# Copper fuse size chart

## copper fuse size calculator

In an electrical system, if we know the current flowing through electrical equipment then we can find the copper fuse size using the following copper fuse size chart and calculator by using the following calculator-

The proper size of copper (in awg/swg) is essential to protect electrical equipment from overcurrent and short circuit current.

## AWG fuse size chart

To protect electrical eqiupment like transformer what size of copper fuse will be used to protect it is shown in following copper fuse wire size chart (in awg).

# What is fuse?

The fuse is designed to protect your equipment/appliance and also you in the case of an overload due to a mechanical or an electrical fault.

## What is AWG fuse

American Wire Gauge (AWG), also known as the Brown & Sharpe wire gauge, is a logarithmic stepped standardized wire gauge system used since 1857, predominantly in North America, for the diameters of round, solid, nonferrous, electrically conducting wire. Dimensions of the wires are given in ASTM standard B 258. The cross-sectional area of each gauge is an important factor for determining its current-carrying ampacity.

Increasing gauge numbers denote decreasing wire diameters, which is similar to many other non-metric gauging systems such as British Standard Wire Gauge (SWG), but unlike IEC 60228, the metric wire-size standard used in most parts of the world. This gauge system originated in the number of drawing operations used to produce a given gauge of wire. Very fine wire (for example, 30 gauge) required more passes through the drawing dies than 0 gauge wire did. Manufacturers of wire formerly had proprietary wire gauge systems; the development of standardized wire gauges rationalized the selection of wire for a particular purpose.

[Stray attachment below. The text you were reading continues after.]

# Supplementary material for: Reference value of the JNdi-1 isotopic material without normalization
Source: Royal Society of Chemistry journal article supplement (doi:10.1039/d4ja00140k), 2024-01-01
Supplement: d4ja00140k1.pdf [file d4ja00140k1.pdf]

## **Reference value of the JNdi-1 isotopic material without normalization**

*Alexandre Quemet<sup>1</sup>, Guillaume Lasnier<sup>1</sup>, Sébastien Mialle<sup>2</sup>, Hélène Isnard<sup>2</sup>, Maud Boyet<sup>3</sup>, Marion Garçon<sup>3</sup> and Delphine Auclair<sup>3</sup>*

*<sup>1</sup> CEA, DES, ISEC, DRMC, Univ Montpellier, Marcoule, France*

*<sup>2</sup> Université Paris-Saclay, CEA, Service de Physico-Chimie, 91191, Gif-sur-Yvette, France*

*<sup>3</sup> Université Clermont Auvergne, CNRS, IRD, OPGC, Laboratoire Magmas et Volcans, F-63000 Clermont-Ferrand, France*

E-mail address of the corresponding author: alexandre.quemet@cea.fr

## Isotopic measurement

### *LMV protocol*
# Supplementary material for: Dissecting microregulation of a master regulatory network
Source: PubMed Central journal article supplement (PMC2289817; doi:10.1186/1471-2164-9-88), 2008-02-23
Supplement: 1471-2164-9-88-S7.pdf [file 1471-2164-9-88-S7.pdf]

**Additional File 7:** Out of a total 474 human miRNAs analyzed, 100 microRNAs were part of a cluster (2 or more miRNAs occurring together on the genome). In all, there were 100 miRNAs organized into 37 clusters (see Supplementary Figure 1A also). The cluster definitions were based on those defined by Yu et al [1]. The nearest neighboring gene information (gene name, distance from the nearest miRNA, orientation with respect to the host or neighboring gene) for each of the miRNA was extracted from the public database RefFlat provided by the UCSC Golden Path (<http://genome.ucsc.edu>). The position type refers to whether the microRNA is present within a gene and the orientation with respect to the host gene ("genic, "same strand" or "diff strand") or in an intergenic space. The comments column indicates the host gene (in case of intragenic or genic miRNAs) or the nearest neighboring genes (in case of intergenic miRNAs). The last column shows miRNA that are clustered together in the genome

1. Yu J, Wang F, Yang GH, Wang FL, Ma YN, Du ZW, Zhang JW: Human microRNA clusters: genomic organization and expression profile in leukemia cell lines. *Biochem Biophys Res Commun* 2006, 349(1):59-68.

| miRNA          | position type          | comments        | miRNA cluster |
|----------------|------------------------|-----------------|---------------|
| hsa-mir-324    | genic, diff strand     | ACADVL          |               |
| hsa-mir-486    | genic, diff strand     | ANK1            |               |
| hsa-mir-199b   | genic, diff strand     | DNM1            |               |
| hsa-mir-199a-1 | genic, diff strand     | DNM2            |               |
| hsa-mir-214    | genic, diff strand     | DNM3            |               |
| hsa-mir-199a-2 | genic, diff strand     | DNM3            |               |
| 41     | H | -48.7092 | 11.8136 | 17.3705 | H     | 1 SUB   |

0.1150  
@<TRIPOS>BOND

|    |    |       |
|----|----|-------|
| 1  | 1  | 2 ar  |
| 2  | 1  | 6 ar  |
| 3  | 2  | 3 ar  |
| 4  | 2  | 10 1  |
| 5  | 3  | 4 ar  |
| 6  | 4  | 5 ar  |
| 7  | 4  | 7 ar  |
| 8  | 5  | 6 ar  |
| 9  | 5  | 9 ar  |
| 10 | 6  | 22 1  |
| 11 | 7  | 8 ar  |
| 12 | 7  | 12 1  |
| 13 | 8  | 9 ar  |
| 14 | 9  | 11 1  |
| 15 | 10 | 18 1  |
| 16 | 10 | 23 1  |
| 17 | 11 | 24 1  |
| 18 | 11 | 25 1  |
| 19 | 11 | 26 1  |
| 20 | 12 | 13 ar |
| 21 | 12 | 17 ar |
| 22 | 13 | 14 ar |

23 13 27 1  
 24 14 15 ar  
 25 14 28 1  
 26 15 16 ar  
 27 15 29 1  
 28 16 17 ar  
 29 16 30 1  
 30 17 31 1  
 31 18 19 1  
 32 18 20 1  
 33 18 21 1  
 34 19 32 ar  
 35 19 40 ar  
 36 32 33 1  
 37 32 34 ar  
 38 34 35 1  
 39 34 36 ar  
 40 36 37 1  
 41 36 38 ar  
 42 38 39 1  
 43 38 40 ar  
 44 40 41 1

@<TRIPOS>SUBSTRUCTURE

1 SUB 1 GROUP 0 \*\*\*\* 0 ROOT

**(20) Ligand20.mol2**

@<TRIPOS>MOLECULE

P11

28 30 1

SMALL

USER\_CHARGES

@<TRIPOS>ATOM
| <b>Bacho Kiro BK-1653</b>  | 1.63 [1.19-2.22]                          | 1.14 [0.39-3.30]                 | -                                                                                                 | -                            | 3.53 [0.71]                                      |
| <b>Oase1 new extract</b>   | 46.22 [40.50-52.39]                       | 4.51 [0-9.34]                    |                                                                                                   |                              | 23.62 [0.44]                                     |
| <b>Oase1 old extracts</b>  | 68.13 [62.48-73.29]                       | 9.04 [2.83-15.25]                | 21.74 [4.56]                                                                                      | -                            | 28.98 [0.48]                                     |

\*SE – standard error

systems such as British Standard Wire Gauge (SWG), but unlike IEC 60228, the metric wire-size standard is used in most parts of the world. This gauge system originated in the number of drawing operations used to produce a given gauge of wire. Very fine wire (for example, 30 gauge) required more passes through the drawing dies than 0 gauge wire did. Manufacturers of wire formerly had proprietary wire gauge systems; the development of standardized wire gauges rationalized the selection of wire for a particular purpose.